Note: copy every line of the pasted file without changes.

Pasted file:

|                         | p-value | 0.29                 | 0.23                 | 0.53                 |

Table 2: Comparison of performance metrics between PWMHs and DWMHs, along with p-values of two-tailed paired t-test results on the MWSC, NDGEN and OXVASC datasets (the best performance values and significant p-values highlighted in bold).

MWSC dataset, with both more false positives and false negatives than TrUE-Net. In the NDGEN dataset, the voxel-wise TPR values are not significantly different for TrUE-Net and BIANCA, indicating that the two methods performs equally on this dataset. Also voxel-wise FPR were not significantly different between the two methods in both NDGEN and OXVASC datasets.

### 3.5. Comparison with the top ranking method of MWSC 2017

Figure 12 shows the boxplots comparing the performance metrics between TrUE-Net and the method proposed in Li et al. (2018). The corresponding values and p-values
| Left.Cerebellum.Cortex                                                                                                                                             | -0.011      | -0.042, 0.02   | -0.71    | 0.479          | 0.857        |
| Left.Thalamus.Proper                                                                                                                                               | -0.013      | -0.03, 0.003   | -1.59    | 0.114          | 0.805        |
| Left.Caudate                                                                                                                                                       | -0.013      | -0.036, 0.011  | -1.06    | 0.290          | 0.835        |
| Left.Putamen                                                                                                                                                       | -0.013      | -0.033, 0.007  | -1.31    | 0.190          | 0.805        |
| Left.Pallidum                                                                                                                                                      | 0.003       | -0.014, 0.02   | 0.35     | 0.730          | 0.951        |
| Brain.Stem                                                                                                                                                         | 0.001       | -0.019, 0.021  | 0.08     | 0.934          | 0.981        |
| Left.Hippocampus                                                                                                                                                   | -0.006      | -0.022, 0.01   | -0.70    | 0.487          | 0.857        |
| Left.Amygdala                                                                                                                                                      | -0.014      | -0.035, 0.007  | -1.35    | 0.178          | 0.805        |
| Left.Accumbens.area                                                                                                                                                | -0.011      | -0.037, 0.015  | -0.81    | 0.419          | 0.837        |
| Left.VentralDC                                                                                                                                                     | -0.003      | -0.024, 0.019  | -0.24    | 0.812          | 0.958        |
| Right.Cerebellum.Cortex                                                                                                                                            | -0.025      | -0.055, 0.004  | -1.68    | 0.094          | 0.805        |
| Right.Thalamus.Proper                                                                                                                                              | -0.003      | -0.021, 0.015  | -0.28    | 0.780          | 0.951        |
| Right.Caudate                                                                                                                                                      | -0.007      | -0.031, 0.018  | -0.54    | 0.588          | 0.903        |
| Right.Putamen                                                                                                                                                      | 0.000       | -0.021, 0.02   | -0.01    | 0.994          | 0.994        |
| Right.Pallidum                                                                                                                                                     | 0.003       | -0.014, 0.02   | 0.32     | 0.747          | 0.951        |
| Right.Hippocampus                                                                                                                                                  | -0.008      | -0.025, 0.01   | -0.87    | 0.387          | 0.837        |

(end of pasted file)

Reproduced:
|                         | p-value | 0.29                 | 0.23                 | 0.53                 |

Table 2: Comparison of performance metrics between PWMHs and DWMHs, along with p-values of two-tailed paired t-test results on the MWSC, NDGEN and OXVASC datasets (the best performance values and significant p-values highlighted in bold).

MWSC dataset, with both more false positives and false negatives than TrUE-Net. In the NDGEN dataset, the voxel-wise TPR values are not significantly different for TrUE-Net and BIANCA, indicating that the two methods performs equally on this dataset. Also voxel-wise FPR were not significantly different between the two methods in both NDGEN and OXVASC datasets.

### 3.5. Comparison with the top ranking method of MWSC 2017

Figure 12 shows the boxplots comparing the performance metrics between TrUE-Net and the method proposed in Li et al. (2018). The corresponding values and p-values
| Left.Cerebellum.Cortex                                                                                                                                             | -0.011      | -0.042, 0.02   | -0.71    | 0.479          | 0.857        |
| Left.Thalamus.Proper                                                                                                                                               | -0.013      | -0.03, 0.003   | -1.59    | 0.114          | 0.805        |
| Left.Caudate                                                                                                                                                       | -0.013      | -0.036, 0.011  | -1.06    | 0.290          | 0.835        |
| Left.Putamen                                                                                                                                                       | -0.013      | -0.033, 0.007  | -1.31    | 0.190          | 0.805        |
| Left.Pallidum                                                                                                                                                      | 0.003       | -0.014, 0.02   | 0.35     | 0.730          | 0.951        |
| Brain.Stem                                                                                                                                                         | 0.001       | -0.019, 0.021  | 0.08     | 0.934          | 0.981        |
| Left.Hippocampus                                                                                                                                                   | -0.006      | -0.022, 0.01   | -0.70    | 0.487          | 0.857        |
| Left.Amygdala                                                                                                                                                      | -0.014      | -0.035, 0.007  | -1.35    | 0.178          | 0.805        |
| Left.Accumbens.area                                                                                                                                                | -0.011      | -0.037, 0.015  | -0.81    | 0.419          | 0.837        |
| Left.VentralDC                                                                                                                                                     | -0.003      | -0.024, 0.019  | -0.24    | 0.812          | 0.958        |
| Right.Cerebellum.Cortex                                                                                                                                            | -0.025      | -0.055, 0.004  | -1.68    | 0.094          | 0.805        |
| Right.Thalamus.Proper                                                                                                                                              | -0.003      | -0.021, 0.015  | -0.28    | 0.780          | 0.951        |
| Right.Caudate                                                                                                                                                      | -0.007      | -0.031, 0.018  | -0.54    | 0.588          | 0.903        |
| Right.Putamen                                                                                                                                                      | 0.000       | -0.021, 0.02   | -0.01    | 0.994          | 0.994        |
| Right.Pallidum                                                                                                                                                     | 0.003       | -0.014, 0.02   | 0.32     | 0.747          | 0.951        |
| Right.Hippocampus                                                                                                                                                  | -0.008      | -0.025, 0.01   | -0.87    | 0.387          | 0.837        |